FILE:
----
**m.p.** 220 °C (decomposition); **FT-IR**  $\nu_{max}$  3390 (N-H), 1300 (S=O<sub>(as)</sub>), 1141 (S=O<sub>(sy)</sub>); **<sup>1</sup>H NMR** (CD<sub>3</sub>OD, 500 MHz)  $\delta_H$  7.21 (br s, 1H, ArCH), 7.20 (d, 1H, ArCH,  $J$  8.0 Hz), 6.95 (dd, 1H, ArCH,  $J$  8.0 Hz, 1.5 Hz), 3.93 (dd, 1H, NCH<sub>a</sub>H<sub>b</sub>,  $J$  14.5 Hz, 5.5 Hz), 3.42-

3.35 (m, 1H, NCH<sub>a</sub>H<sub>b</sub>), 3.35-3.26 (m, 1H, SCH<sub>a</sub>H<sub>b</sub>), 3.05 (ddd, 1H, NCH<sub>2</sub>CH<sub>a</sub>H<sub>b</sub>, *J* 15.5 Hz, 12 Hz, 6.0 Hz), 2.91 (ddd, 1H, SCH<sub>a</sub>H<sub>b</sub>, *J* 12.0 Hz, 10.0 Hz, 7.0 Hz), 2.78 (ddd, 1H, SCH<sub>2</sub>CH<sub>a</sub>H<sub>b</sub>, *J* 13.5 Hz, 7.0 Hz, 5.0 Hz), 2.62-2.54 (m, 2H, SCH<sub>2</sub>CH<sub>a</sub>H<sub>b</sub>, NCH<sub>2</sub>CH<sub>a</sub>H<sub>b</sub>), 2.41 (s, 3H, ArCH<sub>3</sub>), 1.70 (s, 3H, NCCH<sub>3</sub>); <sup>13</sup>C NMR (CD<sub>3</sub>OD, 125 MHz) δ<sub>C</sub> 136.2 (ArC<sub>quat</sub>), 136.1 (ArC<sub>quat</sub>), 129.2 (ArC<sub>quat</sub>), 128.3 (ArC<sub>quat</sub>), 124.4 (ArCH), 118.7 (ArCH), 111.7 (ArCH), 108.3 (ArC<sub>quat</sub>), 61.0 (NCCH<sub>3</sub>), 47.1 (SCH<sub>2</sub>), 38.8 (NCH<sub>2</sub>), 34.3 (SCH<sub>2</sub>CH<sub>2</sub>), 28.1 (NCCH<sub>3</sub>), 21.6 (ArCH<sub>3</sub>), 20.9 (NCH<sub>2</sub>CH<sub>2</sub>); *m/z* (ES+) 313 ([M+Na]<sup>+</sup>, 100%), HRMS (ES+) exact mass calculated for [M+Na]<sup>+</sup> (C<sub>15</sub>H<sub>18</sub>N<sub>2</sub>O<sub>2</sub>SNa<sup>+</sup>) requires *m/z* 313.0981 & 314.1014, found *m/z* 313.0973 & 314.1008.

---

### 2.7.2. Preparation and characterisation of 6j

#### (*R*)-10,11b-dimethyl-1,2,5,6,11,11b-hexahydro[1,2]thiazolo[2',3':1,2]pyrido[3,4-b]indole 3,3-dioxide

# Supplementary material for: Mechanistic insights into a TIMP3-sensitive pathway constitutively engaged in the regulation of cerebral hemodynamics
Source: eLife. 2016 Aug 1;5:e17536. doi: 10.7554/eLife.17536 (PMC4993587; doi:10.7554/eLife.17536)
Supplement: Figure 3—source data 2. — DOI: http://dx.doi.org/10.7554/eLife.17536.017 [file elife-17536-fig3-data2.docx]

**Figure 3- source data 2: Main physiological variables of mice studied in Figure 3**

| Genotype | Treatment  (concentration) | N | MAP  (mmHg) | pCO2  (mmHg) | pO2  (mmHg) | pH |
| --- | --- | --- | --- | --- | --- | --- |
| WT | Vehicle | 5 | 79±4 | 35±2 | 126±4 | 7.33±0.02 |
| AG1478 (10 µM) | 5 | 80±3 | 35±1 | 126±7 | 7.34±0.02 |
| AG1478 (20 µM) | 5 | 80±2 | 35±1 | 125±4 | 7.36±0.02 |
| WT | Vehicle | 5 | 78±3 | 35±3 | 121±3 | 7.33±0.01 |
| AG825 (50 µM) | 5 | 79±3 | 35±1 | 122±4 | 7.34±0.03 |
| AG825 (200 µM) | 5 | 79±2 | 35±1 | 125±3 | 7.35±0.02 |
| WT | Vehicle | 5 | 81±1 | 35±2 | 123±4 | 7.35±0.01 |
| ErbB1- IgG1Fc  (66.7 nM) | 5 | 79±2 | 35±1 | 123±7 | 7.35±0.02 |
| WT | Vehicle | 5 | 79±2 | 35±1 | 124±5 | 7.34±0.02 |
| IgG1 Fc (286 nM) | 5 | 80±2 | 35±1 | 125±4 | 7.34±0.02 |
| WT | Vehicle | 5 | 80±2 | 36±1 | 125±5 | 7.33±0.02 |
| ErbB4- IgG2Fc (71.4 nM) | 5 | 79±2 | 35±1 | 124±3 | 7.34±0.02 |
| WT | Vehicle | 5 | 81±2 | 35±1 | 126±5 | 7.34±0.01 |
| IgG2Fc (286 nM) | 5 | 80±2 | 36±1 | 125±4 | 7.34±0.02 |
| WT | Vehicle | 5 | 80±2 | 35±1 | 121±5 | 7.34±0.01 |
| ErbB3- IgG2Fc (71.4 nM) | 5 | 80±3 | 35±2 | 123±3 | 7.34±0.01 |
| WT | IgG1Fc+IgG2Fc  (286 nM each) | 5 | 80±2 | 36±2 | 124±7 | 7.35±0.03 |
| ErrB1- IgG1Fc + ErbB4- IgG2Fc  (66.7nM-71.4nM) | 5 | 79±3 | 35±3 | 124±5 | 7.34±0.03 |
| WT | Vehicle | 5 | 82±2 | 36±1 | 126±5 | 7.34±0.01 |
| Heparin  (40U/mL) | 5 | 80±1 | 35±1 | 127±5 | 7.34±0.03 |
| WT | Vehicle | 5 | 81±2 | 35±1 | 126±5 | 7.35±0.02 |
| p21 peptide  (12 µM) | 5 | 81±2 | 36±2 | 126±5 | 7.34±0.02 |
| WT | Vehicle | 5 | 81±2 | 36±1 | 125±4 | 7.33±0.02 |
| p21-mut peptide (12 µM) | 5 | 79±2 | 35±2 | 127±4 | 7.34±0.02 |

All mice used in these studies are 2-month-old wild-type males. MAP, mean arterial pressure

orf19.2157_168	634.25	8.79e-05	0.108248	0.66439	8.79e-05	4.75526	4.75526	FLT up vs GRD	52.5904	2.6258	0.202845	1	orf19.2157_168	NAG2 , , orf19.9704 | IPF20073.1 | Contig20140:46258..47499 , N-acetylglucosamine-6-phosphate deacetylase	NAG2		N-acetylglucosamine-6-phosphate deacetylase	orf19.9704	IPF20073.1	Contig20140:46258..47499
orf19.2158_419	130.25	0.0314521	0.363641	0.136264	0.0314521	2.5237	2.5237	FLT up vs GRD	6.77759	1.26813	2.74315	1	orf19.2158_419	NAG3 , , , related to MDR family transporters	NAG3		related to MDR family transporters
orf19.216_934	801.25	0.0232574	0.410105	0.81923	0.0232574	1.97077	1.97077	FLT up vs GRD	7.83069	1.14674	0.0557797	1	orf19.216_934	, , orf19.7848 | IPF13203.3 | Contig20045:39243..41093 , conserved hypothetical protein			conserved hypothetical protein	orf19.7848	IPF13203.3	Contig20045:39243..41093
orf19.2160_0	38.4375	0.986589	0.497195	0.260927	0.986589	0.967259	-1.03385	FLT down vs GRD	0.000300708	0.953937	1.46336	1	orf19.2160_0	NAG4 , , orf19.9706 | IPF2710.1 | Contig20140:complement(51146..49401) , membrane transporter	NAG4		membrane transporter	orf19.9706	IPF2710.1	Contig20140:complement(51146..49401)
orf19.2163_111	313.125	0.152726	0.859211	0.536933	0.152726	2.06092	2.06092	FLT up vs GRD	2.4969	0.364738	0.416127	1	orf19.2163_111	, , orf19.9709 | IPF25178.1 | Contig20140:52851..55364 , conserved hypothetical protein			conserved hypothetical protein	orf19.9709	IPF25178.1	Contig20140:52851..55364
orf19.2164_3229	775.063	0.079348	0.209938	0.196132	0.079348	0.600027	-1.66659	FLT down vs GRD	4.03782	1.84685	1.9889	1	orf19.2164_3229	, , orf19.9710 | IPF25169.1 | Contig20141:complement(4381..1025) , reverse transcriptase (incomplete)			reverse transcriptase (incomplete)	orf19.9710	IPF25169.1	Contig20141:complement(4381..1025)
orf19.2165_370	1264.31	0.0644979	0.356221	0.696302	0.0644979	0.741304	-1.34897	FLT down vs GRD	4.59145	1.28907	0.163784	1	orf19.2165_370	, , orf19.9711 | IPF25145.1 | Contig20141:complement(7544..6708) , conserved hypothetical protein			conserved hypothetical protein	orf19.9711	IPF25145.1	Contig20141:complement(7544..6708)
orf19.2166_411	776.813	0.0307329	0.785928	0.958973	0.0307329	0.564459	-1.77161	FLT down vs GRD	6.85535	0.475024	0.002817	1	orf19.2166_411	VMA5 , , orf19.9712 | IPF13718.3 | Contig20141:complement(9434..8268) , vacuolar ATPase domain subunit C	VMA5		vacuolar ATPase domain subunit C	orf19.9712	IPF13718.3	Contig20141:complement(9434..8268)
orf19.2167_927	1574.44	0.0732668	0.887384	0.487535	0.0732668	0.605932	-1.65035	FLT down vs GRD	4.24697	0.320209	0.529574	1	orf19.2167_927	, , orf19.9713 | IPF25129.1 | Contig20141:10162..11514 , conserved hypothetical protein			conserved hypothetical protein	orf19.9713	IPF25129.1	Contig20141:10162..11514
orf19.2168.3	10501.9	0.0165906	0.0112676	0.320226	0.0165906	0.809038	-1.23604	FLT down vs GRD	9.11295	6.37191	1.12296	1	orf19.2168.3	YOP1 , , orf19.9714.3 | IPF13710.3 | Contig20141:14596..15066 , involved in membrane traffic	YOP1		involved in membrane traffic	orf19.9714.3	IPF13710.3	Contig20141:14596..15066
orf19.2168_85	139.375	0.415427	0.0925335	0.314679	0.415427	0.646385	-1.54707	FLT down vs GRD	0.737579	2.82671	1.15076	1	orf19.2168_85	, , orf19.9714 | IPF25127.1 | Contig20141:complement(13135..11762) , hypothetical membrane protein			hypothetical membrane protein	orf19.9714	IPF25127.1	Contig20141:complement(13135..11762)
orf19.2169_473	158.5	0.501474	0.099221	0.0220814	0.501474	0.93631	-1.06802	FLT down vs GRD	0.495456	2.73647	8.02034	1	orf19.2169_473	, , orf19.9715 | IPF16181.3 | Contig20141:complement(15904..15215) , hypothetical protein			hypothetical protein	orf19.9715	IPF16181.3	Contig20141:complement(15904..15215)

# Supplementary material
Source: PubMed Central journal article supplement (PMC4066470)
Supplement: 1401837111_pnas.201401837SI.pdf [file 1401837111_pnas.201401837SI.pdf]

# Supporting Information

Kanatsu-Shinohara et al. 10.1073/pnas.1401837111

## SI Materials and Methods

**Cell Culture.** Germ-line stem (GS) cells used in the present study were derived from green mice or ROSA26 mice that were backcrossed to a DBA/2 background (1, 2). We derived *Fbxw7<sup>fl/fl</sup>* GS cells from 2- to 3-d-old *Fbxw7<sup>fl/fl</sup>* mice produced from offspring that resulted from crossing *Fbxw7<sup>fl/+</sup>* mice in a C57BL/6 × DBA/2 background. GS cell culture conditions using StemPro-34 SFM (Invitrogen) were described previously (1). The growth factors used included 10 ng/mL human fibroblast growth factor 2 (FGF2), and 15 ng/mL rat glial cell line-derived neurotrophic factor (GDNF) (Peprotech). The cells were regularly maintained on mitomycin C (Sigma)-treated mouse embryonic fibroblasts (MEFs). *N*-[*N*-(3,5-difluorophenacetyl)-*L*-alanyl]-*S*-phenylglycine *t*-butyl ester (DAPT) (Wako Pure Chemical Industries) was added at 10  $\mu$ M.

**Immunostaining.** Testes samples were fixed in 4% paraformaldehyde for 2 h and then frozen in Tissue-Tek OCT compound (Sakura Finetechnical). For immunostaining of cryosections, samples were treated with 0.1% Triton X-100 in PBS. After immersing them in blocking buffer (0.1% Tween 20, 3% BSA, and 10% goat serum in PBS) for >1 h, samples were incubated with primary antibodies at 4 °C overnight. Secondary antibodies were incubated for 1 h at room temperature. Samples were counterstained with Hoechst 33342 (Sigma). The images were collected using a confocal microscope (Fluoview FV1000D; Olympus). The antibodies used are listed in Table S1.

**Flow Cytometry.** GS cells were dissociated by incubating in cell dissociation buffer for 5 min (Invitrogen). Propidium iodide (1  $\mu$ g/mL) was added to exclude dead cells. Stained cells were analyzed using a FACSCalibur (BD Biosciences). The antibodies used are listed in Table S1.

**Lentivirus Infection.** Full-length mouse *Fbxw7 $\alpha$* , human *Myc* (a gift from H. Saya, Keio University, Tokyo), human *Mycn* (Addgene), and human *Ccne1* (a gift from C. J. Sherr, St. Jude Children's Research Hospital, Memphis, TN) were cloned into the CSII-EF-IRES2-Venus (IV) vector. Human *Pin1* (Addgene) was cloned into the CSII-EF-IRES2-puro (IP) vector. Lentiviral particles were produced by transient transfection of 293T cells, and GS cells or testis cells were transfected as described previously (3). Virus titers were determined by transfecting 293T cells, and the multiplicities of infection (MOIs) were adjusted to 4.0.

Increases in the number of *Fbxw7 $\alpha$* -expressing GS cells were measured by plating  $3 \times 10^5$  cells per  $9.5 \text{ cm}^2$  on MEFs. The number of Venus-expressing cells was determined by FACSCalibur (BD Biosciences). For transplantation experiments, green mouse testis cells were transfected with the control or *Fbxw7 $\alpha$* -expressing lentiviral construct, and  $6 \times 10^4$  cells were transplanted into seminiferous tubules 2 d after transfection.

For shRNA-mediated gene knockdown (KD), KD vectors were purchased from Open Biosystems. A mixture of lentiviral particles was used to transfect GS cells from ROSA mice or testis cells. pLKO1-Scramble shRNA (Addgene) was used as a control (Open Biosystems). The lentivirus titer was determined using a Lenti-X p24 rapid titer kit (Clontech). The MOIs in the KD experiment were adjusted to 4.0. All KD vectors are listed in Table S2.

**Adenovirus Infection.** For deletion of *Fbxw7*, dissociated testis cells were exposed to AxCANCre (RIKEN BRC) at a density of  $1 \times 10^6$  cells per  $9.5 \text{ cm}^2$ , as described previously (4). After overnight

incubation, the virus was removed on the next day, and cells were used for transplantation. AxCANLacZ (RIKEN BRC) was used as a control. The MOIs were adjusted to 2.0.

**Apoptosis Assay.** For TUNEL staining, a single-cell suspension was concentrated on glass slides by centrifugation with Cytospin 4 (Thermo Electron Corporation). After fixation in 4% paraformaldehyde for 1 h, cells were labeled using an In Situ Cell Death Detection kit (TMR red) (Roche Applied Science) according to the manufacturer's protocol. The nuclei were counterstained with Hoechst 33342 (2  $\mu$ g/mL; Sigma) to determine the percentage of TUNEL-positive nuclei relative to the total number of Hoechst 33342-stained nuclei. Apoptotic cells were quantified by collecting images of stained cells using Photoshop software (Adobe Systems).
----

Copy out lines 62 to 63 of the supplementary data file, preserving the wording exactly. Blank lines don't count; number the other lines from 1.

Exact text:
incubation, the virus was removed on the next day, and cells were used for transplantation. AxCANLacZ (RIKEN BRC) was used as a control. The MOIs were adjusted to 2.0.

**Apoptosis Assay.** For TUNEL staining, a single-cell suspension was concentrated on glass slides by centrifugation with Cytospin 4 (Thermo Electron Corporation). After fixation in 4% paraformaldehyde for 1 h, cells were labeled using an In Situ Cell Death Detection kit (TMR red) (Roche Applied Science) according to the manufacturer's protocol. The nuclei were counterstained with Hoechst 33342 (2  $\mu$ g/mL; Sigma) to determine the percentage of TUNEL-positive nuclei relative to the total number of Hoechst 33342-stained nuclei. Apoptotic cells were quantified by collecting images of stained cells using Photoshop software (Adobe Systems).